Ilithyia's forced C-section.
Spartacus has famously showed us dozens of ways most audiences wouldn’t want to die, but all of the show’s viewers who are also mothers were probably most affected by the death of Illythia. Proud and cunning, Illythia never stood out as a favorite hero or villain, but she did have the benefit of being pregnant during Spartacus: Vengeance, which gave her a healthy glow and inspired the hope that the character might learn to be a more selfless person in the future.
Unfortunately, there was no future to be had for Illythia. In a fit of madness or perhaps despair, Lucretia ripped the baby from the womb in a forced C-section that leaves Illythia bleeding out and helpless. She scrapped and crawled after Lucretia after getting cut, but her fervent love as a mother was not enough to keep Lucretia from dropping off a cliff into the abyss. Perhaps it would have been fairer if she had died before being forced to see the one thing she truly could find a heart for, a mere newborn, fall to its destruction.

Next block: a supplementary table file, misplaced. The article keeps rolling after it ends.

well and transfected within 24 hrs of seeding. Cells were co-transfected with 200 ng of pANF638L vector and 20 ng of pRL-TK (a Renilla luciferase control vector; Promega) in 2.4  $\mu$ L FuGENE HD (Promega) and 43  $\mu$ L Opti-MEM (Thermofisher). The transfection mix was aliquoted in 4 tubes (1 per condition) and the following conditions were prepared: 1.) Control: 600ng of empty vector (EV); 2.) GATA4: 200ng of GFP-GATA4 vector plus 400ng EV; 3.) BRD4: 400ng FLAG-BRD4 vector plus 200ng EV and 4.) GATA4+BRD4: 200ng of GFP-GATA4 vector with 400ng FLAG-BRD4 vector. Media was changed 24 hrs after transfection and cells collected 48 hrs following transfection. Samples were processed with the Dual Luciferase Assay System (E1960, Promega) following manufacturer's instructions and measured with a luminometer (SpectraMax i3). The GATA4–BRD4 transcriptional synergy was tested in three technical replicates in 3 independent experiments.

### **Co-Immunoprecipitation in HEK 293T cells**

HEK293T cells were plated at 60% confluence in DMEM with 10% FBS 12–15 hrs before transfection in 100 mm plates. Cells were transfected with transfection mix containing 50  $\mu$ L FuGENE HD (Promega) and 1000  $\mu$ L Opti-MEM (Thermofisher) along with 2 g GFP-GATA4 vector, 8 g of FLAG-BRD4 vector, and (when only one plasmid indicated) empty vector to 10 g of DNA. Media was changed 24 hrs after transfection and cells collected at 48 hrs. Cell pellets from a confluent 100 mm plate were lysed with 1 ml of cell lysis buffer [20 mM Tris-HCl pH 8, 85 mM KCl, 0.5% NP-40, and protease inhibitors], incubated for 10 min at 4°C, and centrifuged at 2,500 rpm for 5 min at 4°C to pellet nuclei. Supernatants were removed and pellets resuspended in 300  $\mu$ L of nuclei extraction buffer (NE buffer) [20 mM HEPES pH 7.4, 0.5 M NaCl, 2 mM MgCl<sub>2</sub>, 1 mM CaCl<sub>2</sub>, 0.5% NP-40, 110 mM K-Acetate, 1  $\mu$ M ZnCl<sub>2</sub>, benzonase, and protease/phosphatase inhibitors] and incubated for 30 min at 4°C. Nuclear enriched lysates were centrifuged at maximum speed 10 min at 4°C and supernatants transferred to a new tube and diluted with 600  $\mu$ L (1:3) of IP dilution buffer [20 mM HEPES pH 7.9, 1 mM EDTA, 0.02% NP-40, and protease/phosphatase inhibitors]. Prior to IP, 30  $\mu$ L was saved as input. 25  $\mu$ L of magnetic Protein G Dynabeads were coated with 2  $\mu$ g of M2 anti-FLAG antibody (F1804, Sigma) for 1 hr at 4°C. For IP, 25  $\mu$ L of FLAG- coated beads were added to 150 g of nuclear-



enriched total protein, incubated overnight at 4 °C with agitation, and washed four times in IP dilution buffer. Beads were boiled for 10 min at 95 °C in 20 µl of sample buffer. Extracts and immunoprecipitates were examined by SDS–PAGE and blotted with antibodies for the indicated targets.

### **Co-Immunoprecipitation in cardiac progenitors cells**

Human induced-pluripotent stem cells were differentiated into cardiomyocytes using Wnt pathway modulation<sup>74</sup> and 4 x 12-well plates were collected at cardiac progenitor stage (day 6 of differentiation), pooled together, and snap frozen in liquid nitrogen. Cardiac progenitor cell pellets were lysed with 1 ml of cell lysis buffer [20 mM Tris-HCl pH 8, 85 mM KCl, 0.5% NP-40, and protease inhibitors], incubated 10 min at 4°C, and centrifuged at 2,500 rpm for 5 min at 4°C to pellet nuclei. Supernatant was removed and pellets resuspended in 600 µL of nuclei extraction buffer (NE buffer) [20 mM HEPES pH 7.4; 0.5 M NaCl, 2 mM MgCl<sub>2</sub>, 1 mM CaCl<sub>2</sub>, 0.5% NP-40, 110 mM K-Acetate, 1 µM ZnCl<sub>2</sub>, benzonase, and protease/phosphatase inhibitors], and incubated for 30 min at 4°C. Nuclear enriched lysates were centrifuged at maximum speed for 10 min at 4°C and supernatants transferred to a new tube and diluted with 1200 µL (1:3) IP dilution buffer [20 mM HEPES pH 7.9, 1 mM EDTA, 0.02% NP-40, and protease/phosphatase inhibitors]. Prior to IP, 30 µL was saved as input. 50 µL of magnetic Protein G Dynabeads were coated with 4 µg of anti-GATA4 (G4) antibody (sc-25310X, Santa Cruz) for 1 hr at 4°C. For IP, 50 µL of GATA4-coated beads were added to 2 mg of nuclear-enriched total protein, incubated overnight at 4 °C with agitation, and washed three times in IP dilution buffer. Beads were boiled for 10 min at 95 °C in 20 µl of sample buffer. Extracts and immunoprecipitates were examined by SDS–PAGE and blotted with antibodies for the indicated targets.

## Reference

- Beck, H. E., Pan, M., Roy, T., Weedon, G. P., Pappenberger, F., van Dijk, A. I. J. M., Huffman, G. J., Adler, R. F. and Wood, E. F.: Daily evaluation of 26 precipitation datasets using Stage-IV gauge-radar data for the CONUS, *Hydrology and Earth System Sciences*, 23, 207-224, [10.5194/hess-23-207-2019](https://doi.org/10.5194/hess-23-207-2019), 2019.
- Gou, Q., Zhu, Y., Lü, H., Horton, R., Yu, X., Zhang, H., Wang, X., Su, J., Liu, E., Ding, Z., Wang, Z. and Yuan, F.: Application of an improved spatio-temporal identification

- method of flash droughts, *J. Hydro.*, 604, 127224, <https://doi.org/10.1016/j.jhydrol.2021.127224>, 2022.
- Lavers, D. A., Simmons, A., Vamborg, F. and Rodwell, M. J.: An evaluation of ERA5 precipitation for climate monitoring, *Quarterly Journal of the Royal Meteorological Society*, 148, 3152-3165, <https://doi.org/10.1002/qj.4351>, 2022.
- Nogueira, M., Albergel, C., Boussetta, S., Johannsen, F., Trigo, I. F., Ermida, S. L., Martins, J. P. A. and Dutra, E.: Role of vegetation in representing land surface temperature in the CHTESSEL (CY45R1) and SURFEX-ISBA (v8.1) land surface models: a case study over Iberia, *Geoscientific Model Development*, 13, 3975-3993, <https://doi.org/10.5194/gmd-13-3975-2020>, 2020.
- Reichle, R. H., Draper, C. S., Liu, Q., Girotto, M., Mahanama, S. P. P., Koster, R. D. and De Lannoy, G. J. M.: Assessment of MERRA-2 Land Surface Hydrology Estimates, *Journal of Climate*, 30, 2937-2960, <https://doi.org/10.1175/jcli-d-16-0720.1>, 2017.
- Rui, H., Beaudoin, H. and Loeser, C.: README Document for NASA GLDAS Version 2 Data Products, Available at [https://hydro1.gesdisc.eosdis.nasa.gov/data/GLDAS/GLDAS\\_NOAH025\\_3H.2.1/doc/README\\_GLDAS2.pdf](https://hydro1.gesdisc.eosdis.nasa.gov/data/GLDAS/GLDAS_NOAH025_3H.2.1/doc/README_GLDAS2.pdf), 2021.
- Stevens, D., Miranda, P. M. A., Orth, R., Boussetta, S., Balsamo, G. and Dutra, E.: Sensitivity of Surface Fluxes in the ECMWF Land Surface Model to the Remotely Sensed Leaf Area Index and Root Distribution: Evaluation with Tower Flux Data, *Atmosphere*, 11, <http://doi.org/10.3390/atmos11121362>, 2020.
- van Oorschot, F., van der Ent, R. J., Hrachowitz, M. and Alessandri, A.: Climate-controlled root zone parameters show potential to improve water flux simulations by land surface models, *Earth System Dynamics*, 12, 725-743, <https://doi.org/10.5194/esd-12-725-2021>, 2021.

Ashur receives Naevia's vengeance.
While extremely skilled compared to the average person, Ashur is no match for the more talented among his fellow gladiators. That’s why he spends damn near the entire series scheming. He has to use his brain to get ahead. Unfortunately for him, all of the endless crosses and double crosses catch up with him, forcing the hobbled mercenary into a sword fight with Naevia. She’s got a laundry list of reasons to hate him and is deceptively good with the sword. Thanks to his arrogance, however, he fails to take her seriously, and she makes off with his head because of it. It’s a fitting end for a selfish and conceited asshole, and it’s actually a great moment in Naevia’s story arc as well, completing her transition from house servant to badass warrior woman.
Batiatus' slaves rebel.